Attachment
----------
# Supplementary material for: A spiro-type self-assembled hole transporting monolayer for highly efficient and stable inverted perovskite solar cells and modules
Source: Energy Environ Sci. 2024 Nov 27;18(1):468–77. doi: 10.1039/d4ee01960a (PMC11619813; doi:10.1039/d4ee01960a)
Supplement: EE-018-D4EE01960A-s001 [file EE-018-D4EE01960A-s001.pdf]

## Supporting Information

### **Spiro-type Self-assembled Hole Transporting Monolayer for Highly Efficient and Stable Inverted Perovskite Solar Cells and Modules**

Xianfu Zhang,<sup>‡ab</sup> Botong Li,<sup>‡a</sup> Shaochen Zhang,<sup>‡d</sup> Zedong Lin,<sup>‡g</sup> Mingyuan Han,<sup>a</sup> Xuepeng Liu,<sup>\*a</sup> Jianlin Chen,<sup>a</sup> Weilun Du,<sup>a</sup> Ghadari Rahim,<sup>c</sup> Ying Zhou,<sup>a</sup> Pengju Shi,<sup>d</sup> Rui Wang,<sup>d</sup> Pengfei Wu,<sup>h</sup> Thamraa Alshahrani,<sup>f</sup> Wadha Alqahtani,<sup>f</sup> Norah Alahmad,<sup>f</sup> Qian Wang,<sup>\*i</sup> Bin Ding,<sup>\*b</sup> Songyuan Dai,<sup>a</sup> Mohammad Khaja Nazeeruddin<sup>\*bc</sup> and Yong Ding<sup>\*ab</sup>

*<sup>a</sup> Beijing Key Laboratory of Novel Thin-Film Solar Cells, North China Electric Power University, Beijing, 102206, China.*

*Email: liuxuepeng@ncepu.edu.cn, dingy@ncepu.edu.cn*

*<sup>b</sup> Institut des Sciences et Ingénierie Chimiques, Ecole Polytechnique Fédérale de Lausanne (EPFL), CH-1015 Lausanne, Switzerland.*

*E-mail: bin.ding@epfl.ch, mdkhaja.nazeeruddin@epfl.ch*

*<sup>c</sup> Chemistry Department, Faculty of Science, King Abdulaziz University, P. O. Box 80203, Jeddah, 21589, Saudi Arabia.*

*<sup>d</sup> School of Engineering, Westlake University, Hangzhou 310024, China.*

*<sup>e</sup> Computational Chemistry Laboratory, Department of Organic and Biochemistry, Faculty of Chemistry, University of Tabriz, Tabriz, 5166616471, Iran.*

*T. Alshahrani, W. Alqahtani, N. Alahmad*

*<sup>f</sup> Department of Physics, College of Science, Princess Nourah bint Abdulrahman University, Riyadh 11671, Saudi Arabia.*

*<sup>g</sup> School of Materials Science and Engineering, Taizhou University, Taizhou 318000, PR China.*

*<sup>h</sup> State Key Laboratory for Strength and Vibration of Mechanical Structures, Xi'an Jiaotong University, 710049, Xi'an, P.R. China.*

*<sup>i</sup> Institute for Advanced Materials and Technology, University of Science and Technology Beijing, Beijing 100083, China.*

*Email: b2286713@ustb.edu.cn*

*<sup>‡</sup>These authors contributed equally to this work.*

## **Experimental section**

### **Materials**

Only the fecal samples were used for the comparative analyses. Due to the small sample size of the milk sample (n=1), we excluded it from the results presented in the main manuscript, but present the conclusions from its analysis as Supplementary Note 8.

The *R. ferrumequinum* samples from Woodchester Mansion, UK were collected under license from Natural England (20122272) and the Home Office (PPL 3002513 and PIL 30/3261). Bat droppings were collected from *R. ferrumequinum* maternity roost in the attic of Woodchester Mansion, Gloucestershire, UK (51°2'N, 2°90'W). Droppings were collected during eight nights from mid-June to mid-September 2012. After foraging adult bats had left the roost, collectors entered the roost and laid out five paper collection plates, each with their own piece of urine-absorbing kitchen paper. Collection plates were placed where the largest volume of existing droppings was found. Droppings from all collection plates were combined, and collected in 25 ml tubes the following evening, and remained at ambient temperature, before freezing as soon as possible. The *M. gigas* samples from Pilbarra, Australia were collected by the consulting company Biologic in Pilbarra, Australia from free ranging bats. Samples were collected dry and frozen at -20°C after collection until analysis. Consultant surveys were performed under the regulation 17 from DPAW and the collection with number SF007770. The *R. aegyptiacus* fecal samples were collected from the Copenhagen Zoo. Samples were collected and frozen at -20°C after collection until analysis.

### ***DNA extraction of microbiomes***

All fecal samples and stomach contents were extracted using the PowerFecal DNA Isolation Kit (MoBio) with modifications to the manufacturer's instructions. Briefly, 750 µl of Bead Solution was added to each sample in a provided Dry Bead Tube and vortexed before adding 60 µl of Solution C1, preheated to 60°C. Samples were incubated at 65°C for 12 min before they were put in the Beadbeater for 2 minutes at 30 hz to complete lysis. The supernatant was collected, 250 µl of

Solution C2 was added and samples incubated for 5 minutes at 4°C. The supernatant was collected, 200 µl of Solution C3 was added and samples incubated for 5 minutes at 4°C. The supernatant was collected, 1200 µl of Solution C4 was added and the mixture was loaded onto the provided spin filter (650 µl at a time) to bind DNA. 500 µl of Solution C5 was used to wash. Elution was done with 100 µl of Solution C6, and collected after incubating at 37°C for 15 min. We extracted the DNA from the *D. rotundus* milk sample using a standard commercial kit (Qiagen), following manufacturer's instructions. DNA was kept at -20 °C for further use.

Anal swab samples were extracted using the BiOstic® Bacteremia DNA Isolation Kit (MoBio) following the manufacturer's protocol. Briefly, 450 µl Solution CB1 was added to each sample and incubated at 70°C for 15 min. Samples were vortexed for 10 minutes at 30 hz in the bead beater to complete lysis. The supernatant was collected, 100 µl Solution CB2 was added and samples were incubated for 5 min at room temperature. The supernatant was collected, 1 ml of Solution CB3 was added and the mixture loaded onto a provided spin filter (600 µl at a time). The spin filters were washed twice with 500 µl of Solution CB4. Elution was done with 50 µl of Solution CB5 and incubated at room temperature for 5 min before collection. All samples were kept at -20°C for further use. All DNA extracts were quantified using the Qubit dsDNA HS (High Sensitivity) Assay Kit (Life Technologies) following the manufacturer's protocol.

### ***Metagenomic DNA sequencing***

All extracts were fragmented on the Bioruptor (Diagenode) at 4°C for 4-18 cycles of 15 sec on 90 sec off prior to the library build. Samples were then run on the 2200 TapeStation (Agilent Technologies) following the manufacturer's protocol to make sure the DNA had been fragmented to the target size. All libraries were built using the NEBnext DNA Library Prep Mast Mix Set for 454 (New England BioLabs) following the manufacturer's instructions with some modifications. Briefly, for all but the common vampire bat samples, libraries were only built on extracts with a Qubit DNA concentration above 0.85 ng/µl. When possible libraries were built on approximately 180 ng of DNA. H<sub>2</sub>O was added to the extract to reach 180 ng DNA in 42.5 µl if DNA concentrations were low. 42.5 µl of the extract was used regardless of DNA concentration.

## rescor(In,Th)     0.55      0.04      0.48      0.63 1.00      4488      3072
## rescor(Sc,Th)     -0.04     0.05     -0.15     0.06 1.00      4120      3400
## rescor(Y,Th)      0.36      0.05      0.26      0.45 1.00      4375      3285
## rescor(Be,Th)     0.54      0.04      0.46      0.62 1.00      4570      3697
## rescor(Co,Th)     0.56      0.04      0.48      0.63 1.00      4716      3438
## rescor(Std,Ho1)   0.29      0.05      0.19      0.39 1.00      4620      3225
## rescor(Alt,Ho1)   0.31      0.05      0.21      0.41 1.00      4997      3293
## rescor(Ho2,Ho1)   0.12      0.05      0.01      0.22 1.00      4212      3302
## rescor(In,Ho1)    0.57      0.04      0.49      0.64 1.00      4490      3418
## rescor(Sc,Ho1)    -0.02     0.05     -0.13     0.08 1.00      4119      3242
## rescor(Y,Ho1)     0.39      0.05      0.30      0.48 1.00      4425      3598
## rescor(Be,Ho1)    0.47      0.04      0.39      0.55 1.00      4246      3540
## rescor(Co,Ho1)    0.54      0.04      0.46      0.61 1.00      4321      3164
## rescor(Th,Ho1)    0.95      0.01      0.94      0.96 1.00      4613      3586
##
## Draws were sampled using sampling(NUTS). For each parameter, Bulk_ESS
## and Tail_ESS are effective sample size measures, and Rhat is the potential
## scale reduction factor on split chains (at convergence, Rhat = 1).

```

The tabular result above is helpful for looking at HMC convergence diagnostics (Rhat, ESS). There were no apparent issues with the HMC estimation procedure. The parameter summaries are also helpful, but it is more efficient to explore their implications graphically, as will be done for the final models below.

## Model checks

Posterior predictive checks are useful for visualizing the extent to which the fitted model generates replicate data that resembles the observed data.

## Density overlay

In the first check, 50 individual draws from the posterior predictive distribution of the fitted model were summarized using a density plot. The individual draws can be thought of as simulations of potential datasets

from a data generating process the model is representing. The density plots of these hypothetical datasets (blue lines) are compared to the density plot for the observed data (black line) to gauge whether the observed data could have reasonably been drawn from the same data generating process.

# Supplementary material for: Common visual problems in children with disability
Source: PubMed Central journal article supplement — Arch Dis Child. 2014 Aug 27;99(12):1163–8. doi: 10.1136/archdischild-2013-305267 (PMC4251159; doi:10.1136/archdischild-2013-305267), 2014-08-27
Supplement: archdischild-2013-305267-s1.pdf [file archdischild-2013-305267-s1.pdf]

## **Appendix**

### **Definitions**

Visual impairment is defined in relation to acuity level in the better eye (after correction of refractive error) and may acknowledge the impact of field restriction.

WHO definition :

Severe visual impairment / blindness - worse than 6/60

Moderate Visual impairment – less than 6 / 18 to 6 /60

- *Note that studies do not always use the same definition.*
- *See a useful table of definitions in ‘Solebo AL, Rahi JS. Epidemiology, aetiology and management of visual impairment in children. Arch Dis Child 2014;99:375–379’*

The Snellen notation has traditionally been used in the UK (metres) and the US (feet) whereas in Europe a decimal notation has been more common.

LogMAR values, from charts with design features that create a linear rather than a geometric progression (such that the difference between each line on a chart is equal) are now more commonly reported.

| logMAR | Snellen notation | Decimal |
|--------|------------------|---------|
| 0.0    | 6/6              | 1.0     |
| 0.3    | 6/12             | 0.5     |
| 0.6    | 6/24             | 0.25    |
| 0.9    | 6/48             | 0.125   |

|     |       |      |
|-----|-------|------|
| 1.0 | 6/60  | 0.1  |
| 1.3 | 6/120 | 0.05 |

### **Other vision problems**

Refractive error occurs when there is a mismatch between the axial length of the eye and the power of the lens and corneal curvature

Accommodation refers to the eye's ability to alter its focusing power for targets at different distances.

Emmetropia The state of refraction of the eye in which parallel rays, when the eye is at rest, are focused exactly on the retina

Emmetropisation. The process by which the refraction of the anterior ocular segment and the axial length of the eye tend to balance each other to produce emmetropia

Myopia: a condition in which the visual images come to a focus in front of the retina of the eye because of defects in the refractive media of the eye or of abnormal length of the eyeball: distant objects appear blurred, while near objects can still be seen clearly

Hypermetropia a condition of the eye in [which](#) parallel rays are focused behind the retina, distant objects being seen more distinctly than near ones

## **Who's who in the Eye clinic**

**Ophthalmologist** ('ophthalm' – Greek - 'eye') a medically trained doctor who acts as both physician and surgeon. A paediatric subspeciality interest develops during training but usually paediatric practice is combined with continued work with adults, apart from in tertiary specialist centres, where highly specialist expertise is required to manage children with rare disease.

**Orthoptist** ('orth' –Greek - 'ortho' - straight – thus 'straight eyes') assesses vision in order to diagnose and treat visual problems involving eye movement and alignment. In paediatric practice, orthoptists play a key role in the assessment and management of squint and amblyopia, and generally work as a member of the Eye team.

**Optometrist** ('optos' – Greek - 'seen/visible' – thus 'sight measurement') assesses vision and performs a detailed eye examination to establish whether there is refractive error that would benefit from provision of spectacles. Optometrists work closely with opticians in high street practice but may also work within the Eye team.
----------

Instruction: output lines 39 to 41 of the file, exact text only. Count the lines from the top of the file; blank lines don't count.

## rescor(In,Ho1)    0.57      0.04      0.49      0.64 1.00      4490      3418
## rescor(Sc,Ho1)    -0.02     0.05     -0.13     0.08 1.00      4119      3242
## rescor(Y,Ho1)     0.39      0.05      0.30      0.48 1.00      4425      3598